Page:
Sunday, 01 June 2014
Causes of constipation in kids explained
Constipation can cause great distress to your child and to you. Tamara Corin discovers the importance of fibre - and we're not talking broadband here!
There’s nothing that pulls on the heartstrings of a mother more than seeing your child in pain.
It’s in our maternal makeup to want to comfort and cherish our children, but unfortunately on some occasions love can’t heal – not even sore baby bums!
Constipation is a common condition, affecting up to one in three children in the UK, and in 25 per cent of cases it starts when the child is a baby. Because it’s becoming so common, in 2010 the National Institute for Health and Care Excellence published the first ever national guidelines on the diagnosis and treatment of constipation in children, available on its website.
While it’s primarily written for healthcare professionals, it also allows parents to better understand the condition and manage it appropriately. Constipation can develop for a number of reasons and does not normally mean there is anything physically wrong with your child – or that you’re a bad mum. The signs of constipation in children are rarely recognised soon enough but if they are spotted early, the right treatment can resolve the problem quickly and easily.
Cause and effect
The most common cause of constipation in children over 20 months is potty training. Ask any group of mums when it's best to tackle this and they'll debate it for hours. The truth is, it's very much an individual decision for both of you and is usually only a success when your child is ready, no matter how many chocolate buttons you offer as encouragement!
When you potty train a child, many mums will know, you'll almost always find they are more reluctant and far less relaxed about doing a poo than a wee. This could be because your child has picked up on the idea that doing a poo is 'dirty' – whether because of the smell or simply the embarrassment that's frequently associated with poo among children.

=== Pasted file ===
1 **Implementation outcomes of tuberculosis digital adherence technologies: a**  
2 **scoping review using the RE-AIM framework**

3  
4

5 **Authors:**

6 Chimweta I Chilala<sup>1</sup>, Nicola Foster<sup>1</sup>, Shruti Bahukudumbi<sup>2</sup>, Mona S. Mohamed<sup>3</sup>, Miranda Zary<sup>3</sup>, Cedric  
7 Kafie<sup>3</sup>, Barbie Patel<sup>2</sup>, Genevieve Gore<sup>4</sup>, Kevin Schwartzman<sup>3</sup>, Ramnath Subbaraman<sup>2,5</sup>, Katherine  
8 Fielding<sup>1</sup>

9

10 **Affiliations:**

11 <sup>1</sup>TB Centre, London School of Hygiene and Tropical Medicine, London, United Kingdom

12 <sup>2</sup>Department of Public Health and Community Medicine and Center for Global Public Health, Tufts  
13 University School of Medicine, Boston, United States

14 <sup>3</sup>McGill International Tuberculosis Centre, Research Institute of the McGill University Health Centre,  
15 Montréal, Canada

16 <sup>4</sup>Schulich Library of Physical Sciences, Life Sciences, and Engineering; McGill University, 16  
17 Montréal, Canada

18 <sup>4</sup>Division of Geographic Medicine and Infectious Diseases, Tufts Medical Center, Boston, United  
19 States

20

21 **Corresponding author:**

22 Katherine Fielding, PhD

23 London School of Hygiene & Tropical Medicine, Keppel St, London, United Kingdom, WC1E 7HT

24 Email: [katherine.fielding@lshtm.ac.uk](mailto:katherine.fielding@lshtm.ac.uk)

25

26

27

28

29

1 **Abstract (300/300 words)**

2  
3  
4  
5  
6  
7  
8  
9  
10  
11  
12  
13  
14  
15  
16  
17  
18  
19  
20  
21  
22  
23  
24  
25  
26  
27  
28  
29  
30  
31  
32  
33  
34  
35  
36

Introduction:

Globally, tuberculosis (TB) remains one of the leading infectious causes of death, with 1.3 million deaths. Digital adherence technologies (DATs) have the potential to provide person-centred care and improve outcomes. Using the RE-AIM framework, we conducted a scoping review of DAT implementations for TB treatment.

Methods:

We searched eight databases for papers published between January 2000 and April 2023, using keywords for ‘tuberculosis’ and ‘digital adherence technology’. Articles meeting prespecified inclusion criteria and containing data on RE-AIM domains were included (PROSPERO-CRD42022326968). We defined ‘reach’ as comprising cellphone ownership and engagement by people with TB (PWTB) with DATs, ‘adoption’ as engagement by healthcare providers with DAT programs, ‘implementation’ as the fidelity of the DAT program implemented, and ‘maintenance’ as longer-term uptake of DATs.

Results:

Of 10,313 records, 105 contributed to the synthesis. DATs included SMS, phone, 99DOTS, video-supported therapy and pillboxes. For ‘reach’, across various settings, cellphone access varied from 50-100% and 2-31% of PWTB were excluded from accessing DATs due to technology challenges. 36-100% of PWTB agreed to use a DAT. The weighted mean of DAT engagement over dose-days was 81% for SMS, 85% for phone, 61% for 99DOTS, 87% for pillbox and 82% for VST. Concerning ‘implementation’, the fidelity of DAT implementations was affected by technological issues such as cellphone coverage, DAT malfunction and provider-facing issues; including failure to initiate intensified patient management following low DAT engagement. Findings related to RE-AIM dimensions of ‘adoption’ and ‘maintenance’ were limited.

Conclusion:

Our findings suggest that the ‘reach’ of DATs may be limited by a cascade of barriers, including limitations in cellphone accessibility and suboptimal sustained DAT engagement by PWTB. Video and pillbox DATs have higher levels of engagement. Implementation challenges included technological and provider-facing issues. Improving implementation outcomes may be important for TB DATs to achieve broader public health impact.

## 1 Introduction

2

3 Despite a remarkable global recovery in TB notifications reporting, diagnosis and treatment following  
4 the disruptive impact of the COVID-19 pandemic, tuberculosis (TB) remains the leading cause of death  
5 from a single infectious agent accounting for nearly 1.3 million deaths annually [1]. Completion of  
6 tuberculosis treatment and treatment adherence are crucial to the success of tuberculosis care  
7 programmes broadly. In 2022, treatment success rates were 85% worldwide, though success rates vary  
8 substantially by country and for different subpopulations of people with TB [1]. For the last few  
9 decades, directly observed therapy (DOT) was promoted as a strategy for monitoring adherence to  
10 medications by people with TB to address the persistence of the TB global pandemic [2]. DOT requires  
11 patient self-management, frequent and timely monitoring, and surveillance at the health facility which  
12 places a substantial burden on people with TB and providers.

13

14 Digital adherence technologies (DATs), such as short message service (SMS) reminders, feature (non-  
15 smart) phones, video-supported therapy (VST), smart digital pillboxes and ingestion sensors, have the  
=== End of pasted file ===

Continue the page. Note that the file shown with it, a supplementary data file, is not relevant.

Toddlers can also be too busy playing to tell you they need to poo. And who can blame them? They have a nappy to catch their mess and someone is always on hand to wipe them clean.
When they reach nursery or early school age, they may be reluctant to do a poo because of the cleanliness (or not!) of the toilets, lack of confidence in wiping their own bottoms, or an absence of privacy.
'Over time, their brain learns to ignore repeated urges to go to the toilet,' explains consultant paediatric gastroenterologist Dr Warren Hyer. 'The longer the stool remains in the colon, the more water is absorbed from it, making it hard and dry. This makes it even more difficult and painful for the child and they end up holding in the stool.'
Just one painful experience can create a sense of fear in your child every time they feel the need to poo.
Mild constipation can be relieved by a change in diet and more fluids. But for children with a long-term problem, a different approach is needed. Emily
Kaye had suffered from constipation since birth. Her mum Miriam took her to several specialists but nothing helped. Then, when she was two years old, she was prescribed a preparation called Movicol.